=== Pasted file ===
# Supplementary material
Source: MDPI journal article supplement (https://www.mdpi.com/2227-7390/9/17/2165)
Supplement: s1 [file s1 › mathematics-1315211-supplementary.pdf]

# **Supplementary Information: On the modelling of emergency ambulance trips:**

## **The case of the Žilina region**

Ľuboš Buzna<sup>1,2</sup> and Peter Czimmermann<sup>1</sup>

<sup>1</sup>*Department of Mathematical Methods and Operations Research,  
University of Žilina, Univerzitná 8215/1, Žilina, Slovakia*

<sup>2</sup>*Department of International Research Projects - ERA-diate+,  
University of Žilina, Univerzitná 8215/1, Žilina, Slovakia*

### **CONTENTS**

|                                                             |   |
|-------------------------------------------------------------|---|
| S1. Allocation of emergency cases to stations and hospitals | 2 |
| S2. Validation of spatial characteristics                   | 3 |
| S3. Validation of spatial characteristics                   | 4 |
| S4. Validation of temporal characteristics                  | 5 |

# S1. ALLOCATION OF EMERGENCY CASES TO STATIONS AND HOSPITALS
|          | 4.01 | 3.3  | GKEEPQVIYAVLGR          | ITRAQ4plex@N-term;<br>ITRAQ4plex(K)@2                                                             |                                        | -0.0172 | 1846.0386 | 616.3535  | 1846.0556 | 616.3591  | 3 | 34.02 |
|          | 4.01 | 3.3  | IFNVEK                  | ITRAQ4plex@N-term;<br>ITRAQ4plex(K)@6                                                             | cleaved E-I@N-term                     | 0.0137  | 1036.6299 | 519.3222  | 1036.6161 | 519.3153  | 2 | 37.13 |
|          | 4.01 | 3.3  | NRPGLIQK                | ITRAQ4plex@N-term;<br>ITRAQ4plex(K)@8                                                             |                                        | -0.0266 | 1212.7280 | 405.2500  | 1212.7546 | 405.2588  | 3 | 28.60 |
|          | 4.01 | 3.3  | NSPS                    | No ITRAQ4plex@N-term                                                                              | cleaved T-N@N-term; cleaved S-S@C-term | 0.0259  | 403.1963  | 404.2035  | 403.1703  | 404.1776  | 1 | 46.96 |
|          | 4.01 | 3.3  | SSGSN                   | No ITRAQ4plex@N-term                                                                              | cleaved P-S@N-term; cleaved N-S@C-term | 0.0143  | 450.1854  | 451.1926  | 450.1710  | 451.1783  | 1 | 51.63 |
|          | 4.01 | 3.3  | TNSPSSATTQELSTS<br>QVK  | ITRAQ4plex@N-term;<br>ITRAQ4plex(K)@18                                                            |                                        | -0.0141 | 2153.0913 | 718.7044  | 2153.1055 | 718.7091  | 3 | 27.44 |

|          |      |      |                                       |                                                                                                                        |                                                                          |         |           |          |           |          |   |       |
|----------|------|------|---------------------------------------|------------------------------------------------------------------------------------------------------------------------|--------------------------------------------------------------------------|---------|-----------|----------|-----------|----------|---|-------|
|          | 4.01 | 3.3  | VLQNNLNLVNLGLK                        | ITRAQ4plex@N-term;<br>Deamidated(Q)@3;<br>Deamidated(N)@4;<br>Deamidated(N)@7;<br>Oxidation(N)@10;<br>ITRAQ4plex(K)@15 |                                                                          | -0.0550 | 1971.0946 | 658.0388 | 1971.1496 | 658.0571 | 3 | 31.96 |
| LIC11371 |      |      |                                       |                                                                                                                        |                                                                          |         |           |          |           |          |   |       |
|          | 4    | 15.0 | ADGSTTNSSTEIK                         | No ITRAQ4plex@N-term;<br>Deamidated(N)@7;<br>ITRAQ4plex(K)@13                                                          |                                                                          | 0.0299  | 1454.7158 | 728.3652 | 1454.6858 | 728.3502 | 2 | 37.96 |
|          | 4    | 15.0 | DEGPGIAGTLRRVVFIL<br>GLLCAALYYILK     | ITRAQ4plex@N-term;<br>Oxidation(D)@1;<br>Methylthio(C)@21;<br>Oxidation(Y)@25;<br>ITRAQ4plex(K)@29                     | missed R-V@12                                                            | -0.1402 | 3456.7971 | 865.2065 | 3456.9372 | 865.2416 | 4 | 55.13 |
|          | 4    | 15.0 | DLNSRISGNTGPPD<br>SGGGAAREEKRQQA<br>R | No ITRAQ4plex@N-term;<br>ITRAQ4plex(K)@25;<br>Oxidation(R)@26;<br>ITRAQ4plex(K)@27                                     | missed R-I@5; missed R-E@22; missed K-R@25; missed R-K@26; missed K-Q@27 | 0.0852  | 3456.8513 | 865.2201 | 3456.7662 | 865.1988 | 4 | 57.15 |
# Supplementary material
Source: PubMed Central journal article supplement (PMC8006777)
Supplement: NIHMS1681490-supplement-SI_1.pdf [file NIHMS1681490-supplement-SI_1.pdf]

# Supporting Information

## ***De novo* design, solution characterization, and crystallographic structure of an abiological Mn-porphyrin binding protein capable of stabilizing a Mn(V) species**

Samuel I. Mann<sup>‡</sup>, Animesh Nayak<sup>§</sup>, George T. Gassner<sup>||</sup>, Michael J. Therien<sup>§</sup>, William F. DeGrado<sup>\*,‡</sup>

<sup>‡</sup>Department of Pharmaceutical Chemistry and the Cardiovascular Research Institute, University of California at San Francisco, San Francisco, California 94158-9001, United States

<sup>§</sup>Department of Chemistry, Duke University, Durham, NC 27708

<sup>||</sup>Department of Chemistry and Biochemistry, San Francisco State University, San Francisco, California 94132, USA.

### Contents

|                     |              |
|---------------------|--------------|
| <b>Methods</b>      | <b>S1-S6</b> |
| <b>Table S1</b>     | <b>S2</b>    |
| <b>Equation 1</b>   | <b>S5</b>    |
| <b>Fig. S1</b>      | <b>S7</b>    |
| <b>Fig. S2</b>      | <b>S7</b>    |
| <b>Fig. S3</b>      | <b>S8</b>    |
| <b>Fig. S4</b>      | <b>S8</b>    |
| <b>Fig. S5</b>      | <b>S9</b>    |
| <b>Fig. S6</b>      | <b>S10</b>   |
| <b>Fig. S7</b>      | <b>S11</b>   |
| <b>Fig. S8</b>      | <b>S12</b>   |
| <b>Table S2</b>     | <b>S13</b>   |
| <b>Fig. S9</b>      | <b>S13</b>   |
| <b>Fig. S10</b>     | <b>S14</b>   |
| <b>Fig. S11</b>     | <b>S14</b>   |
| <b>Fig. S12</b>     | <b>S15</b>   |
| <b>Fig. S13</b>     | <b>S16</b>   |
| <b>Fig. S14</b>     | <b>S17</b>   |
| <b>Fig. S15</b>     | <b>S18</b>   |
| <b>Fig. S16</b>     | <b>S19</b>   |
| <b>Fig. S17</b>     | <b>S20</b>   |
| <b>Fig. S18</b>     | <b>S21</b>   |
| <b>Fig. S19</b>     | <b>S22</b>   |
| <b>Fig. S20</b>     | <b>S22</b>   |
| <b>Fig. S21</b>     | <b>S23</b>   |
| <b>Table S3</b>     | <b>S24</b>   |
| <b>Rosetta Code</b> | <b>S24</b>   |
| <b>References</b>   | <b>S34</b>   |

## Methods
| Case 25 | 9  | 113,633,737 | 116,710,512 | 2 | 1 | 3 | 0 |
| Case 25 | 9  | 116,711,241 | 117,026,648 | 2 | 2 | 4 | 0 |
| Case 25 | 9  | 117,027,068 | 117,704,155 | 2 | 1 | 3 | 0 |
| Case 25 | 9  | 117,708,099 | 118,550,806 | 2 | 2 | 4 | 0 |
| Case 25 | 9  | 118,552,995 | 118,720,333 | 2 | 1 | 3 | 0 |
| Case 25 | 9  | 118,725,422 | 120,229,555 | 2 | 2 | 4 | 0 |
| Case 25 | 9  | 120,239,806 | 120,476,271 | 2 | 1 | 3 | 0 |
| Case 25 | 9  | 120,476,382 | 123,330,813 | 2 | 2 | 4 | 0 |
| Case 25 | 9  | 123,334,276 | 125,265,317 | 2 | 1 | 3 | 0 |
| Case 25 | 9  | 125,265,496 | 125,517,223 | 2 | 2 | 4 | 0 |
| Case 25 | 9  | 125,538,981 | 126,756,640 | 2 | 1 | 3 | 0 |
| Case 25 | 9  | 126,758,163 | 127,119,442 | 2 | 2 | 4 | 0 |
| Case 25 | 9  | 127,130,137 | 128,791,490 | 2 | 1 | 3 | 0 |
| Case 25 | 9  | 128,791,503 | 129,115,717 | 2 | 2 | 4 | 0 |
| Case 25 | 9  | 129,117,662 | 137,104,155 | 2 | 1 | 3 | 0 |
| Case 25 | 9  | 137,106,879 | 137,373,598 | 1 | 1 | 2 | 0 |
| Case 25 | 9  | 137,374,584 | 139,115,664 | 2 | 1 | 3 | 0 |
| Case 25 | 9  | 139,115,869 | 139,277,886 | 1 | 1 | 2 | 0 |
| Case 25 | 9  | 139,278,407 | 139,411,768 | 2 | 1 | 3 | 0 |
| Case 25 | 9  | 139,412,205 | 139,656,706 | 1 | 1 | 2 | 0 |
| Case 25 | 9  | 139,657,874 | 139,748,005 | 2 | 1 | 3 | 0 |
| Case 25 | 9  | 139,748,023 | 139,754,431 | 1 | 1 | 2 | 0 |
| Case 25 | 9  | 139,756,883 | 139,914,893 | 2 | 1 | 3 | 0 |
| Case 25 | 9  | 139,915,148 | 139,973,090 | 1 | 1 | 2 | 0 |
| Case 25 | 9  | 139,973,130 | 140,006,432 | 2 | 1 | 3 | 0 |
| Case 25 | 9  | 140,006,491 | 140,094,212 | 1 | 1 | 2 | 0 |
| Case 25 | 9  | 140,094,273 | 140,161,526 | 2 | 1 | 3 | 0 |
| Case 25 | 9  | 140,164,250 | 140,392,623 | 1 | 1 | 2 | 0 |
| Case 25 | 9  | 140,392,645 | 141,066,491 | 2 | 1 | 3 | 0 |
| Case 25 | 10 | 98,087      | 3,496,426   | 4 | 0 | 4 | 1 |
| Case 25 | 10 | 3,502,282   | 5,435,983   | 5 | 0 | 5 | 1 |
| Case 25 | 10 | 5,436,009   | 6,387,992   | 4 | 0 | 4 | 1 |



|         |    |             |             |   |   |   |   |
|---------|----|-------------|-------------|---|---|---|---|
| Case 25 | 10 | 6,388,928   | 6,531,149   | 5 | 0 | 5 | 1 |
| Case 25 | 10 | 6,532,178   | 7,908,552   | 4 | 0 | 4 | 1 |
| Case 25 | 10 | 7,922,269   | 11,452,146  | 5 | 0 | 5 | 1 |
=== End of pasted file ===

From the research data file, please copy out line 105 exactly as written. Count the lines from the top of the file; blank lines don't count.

|         |    |             |             |   |   |   |   |